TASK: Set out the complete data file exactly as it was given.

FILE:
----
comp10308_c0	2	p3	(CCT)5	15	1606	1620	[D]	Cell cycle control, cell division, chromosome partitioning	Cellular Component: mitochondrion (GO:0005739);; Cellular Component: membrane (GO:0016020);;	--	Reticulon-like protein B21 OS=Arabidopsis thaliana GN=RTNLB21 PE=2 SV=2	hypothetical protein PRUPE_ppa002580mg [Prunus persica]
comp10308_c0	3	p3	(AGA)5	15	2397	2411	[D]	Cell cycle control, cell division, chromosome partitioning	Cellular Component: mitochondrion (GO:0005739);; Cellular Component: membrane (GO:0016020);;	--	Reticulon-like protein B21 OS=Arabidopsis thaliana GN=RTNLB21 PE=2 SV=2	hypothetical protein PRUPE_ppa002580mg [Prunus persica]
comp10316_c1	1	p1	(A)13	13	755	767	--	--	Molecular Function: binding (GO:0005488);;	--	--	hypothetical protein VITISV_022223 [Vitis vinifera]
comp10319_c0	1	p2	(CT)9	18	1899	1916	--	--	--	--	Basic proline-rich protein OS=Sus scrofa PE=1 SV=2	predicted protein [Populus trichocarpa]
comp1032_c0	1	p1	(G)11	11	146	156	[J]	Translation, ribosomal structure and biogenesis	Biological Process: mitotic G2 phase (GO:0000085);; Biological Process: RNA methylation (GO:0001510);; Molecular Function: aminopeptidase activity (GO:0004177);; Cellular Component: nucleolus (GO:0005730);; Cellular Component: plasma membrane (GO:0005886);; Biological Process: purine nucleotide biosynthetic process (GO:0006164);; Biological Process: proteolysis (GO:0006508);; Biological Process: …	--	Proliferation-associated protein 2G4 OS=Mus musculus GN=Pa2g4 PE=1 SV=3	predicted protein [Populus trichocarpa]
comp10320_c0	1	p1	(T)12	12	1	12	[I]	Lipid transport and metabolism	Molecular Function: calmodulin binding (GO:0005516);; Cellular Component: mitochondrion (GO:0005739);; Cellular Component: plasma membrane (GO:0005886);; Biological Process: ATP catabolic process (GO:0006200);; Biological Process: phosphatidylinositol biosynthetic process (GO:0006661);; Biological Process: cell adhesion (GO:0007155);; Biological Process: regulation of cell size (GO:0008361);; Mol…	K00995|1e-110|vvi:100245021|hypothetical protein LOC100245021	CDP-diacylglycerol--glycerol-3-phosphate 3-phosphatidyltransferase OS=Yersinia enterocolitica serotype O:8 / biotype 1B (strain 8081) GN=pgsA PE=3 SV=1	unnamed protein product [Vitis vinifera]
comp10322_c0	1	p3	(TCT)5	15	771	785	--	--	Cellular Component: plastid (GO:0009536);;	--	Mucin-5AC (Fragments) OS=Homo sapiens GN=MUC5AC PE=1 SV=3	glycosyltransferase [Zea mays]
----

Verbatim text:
comp10308_c0	2	p3	(CCT)5	15	1606	1620	[D]	Cell cycle control, cell division, chromosome partitioning	Cellular Component: mitochondrion (GO:0005739);; Cellular Component: membrane (GO:0016020);;	--	Reticulon-like protein B21 OS=Arabidopsis thaliana GN=RTNLB21 PE=2 SV=2	hypothetical protein PRUPE_ppa002580mg [Prunus persica]
comp10308_c0	3	p3	(AGA)5	15	2397	2411	[D]	Cell cycle control, cell division, chromosome partitioning	Cellular Component: mitochondrion (GO:0005739);; Cellular Component: membrane (GO:0016020);;	--	Reticulon-like protein B21 OS=Arabidopsis thaliana GN=RTNLB21 PE=2 SV=2	hypothetical protein PRUPE_ppa002580mg [Prunus persica]
comp10316_c1	1	p1	(A)13	13	755	767	--	--	Molecular Function: binding (GO:0005488);;	--	--	hypothetical protein VITISV_022223 [Vitis vinifera]
comp10319_c0	1	p2	(CT)9	18	1899	1916	--	--	--	--	Basic proline-rich protein OS=Sus scrofa PE=1 SV=2	predicted protein [Populus trichocarpa]
comp1032_c0	1	p1	(G)11	11	146	156	[J]	Translation, ribosomal structure and biogenesis	Biological Process: mitotic G2 phase (GO:0000085);; Biological Process: RNA methylation (GO:0001510);; Molecular Function: aminopeptidase activity (GO:0004177);; Cellular Component: nucleolus (GO:0005730);; Cellular Component: plasma membrane (GO:0005886);; Biological Process: purine nucleotide biosynthetic process (GO:0006164);; Biological Process: proteolysis (GO:0006508);; Biological Process: …	--	Proliferation-associated protein 2G4 OS=Mus musculus GN=Pa2g4 PE=1 SV=3	predicted protein [Populus trichocarpa]
comp10320_c0	1	p1	(T)12	12	1	12	[I]	Lipid transport and metabolism	Molecular Function: calmodulin binding (GO:0005516);; Cellular Component: mitochondrion (GO:0005739);; Cellular Component: plasma membrane (GO:0005886);; Biological Process: ATP catabolic process (GO:0006200);; Biological Process: phosphatidylinositol biosynthetic process (GO:0006661);; Biological Process: cell adhesion (GO:0007155);; Biological Process: regulation of cell size (GO:0008361);; Mol…	K00995|1e-110|vvi:100245021|hypothetical protein LOC100245021	CDP-diacylglycerol--glycerol-3-phosphate 3-phosphatidyltransferase OS=Yersinia enterocolitica serotype O:8 / biotype 1B (strain 8081) GN=pgsA PE=3 SV=1	unnamed protein product [Vitis vinifera]
comp10322_c0	1	p3	(TCT)5	15	771	785	--	--	Cellular Component: plastid (GO:0009536);;	--	Mucin-5AC (Fragments) OS=Homo sapiens GN=MUC5AC PE=1 SV=3	glycosyltransferase [Zea mays]